Taking to the streets to demonstrate and protest is more effective than working inside the system to influence the passage of pro-environmental legislation in the United States, according to a new study analyzing the impact of the environmental movement. The study also found that a pro-environmental bill has a much better chance of being approved by Congress when Democrats are the majority party, but contrary to public perception, a bill’s odds of passage actually decrease slightly under a Democratic president.
From University of Washington:
Protests more help in passing environmental laws than working on ‘inside’
Taking to the streets to demonstrate and protest is more effective than working inside the system to influence the passage of pro-environmental legislation in the United States, according to a new study analyzing the impact of the environmental movement.
The study also found that a pro-environmental bill has a much better chance of being approved by Congress when Democrats are the majority party, but contrary to public perception, a bill’s odds of passage actually decrease slightly under a Democratic president.
The findings come from an analysis of 406 pro-environmental bills passed by Congress between 1960 and 1994 conducted by Jon Agnone, a University of Washington sociology doctoral student. He will discuss his research today (Aug. 17) at the annual meeting of the American Sociological Association at the Hilton San Francisco Hotel.
His research also found that:
?Public opinion alone has little impact on the passage of pro-environmental legislation. Politicians are only responsive to public opinion on the environment when protests direct their attention toward such concerns.
?The overwhelming majority of environmental laws are passed during congressional election years.
?Nearly 80 percent of pro-environmental legislation is introduced in Congress by Democrats.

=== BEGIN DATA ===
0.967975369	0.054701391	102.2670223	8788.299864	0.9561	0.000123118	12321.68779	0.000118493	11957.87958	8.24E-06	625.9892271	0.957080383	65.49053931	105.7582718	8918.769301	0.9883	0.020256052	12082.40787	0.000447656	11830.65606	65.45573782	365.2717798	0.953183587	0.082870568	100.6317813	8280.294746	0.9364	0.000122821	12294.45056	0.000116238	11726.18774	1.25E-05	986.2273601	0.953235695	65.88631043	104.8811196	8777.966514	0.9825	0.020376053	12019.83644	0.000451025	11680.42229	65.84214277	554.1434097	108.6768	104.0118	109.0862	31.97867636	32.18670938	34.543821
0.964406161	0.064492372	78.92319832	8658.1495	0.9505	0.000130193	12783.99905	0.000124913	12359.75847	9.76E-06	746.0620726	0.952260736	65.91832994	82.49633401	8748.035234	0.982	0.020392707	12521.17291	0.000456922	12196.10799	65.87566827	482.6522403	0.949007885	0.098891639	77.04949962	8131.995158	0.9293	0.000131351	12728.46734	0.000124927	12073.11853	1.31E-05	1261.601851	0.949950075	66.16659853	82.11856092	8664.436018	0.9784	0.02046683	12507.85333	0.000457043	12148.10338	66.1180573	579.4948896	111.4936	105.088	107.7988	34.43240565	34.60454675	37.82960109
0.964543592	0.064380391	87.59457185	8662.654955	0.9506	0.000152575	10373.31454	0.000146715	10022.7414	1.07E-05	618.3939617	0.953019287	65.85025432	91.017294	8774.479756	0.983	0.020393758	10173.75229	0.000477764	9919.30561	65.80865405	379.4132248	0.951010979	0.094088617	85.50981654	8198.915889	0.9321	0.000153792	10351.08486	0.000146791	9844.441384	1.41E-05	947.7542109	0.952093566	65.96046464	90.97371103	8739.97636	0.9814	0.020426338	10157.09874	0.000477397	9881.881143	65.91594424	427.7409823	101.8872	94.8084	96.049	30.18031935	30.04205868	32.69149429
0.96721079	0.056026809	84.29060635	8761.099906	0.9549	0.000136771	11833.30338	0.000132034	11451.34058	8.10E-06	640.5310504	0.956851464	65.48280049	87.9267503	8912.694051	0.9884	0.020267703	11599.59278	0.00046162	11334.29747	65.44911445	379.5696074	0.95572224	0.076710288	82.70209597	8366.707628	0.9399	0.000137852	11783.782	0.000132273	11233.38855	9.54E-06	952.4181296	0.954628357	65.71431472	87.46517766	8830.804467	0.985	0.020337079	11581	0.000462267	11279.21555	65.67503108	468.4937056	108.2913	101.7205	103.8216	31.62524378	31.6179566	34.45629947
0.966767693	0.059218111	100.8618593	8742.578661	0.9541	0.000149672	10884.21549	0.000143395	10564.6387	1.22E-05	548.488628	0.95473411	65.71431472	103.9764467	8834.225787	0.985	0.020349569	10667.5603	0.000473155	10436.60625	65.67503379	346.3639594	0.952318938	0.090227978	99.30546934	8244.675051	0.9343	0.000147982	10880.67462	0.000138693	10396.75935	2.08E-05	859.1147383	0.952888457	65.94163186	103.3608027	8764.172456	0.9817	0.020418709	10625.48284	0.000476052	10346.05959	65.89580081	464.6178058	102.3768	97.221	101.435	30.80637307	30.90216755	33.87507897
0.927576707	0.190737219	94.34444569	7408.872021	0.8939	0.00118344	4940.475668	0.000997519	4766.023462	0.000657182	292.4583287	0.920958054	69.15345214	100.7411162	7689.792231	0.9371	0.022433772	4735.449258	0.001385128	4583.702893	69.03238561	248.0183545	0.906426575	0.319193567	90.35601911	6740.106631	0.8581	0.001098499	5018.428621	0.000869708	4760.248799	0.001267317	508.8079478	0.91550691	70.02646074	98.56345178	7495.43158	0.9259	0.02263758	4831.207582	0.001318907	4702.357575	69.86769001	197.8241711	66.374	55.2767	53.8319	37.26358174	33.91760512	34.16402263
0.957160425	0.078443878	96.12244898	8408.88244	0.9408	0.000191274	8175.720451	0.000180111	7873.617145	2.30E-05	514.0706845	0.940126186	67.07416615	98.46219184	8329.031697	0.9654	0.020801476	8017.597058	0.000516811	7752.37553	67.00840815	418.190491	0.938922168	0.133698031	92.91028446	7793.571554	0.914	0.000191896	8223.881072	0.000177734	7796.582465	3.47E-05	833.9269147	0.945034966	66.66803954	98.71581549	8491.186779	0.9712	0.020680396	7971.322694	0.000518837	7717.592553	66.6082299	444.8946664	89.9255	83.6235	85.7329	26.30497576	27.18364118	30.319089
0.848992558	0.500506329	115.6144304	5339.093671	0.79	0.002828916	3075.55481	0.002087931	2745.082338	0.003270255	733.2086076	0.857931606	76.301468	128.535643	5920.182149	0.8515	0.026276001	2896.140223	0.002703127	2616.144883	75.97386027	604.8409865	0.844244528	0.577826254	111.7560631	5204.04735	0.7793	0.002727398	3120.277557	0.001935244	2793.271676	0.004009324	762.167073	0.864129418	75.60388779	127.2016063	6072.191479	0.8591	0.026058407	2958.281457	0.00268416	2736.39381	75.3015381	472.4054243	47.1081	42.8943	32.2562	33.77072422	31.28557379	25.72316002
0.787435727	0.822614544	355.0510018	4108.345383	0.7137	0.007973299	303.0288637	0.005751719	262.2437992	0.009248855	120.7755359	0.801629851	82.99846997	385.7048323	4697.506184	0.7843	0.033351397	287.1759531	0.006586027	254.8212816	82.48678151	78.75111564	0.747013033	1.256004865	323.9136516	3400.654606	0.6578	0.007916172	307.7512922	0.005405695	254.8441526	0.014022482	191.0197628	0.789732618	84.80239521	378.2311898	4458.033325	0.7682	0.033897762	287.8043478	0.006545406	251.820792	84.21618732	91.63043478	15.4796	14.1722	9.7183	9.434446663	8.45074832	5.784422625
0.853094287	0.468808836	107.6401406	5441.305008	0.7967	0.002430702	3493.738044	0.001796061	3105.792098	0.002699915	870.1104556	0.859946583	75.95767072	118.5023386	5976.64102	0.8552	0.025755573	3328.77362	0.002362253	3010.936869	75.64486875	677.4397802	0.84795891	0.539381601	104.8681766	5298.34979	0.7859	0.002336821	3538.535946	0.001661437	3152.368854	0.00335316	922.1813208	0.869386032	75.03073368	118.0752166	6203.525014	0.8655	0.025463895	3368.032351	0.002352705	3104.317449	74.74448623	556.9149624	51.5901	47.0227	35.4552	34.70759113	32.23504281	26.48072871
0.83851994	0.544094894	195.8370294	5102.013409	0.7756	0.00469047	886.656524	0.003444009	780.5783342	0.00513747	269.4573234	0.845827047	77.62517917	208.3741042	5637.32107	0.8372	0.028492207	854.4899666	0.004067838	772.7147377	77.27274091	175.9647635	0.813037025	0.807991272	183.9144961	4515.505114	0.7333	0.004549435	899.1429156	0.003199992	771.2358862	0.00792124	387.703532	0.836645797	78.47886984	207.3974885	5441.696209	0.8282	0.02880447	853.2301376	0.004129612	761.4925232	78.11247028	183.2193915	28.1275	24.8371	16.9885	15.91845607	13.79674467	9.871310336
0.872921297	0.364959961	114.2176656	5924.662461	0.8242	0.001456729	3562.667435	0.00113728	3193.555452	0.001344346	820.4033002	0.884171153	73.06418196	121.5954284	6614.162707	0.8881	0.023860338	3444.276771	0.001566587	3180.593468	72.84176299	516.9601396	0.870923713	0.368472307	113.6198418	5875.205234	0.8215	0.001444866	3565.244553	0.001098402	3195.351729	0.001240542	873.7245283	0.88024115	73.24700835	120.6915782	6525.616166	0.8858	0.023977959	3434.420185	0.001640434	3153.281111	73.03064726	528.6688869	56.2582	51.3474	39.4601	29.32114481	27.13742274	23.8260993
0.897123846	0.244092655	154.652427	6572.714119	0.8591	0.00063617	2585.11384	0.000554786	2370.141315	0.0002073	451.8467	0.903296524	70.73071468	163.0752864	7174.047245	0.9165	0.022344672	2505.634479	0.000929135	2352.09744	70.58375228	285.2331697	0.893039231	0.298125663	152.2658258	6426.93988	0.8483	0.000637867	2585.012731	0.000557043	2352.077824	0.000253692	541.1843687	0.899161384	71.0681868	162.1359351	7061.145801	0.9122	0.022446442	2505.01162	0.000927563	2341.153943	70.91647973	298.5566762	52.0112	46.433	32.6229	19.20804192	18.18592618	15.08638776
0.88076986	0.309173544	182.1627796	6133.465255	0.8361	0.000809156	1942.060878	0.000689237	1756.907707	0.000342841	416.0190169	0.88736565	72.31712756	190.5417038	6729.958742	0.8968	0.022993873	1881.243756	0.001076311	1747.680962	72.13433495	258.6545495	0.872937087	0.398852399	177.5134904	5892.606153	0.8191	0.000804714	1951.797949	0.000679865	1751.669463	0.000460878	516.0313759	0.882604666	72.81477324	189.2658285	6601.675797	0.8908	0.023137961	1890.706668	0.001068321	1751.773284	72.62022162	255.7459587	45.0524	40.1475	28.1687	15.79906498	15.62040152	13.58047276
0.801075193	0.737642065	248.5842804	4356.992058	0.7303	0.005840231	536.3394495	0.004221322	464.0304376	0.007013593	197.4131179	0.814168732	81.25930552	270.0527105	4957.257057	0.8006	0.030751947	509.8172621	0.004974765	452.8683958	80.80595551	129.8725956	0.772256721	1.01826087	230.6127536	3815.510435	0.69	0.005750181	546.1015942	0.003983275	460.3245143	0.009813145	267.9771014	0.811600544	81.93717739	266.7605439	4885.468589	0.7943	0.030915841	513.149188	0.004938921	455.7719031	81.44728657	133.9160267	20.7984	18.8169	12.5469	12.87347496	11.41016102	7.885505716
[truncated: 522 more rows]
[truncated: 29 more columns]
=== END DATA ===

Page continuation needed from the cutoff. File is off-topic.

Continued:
Agnone’s research looked at how social movements and public opinion interact to affect public policy. He examined the impacts of working inside and outside the institutions of government. Working inside the system, which is how business is generally conducted in Washington, D.C., includes lobbying, petitions, voter-registration campaigns and court cases. Working outside the system includes protests and marches, sit-ins and boycotts.
”Contrary to conventional wisdom, working from the inside has not had much of an impact and, in general, public opinion doesn’t matter,” he said. ”Most people say they are for the environment and lawmakers say, ‘Yeah, yeah,’ but they don’t do anything unless people start protesting. Protests amplify public opinion by directing politicians’ attention to the public’s interest.”
Agnone found that Congress seems to be more amenable to passing environmental legislation during election years. This is because voters typically pay more attention to what their representatives are doing and politicians can use a pro-environment voting record to help get re-elected.
The actual impact of individual protest acts on whether legislation passes is relatively small, with each protest event that occurs in a given year increasing the number of pro-environmental bills passed by about 2.2 percent, Agnone said. That means in a year in which 20 protests occurred, about 44 percent more pro-environmental bills would be approved, he said. But that is a small increase compared to which party controls Congress and whether or not it is an election year. A piece of environmental legislation has a 75 percent better chance of passage when Democrats control both houses of Congress, according to the study, and a bill is more than 200 percent more likely to be passed in a congressional election year.
Agnone’s research was based on information from the U.S. Public Laws data file, part of a project conducted by the Center for American Politics and Public Policy at the University of Washington, as well as from the New York Times Annual Index, from which data on the number and types of environmental protests was drawn.
”Social movements do matter, sometimes. Politicians are responsive, but this happens by going to the streets, not by schmoozing elected officials,” he said.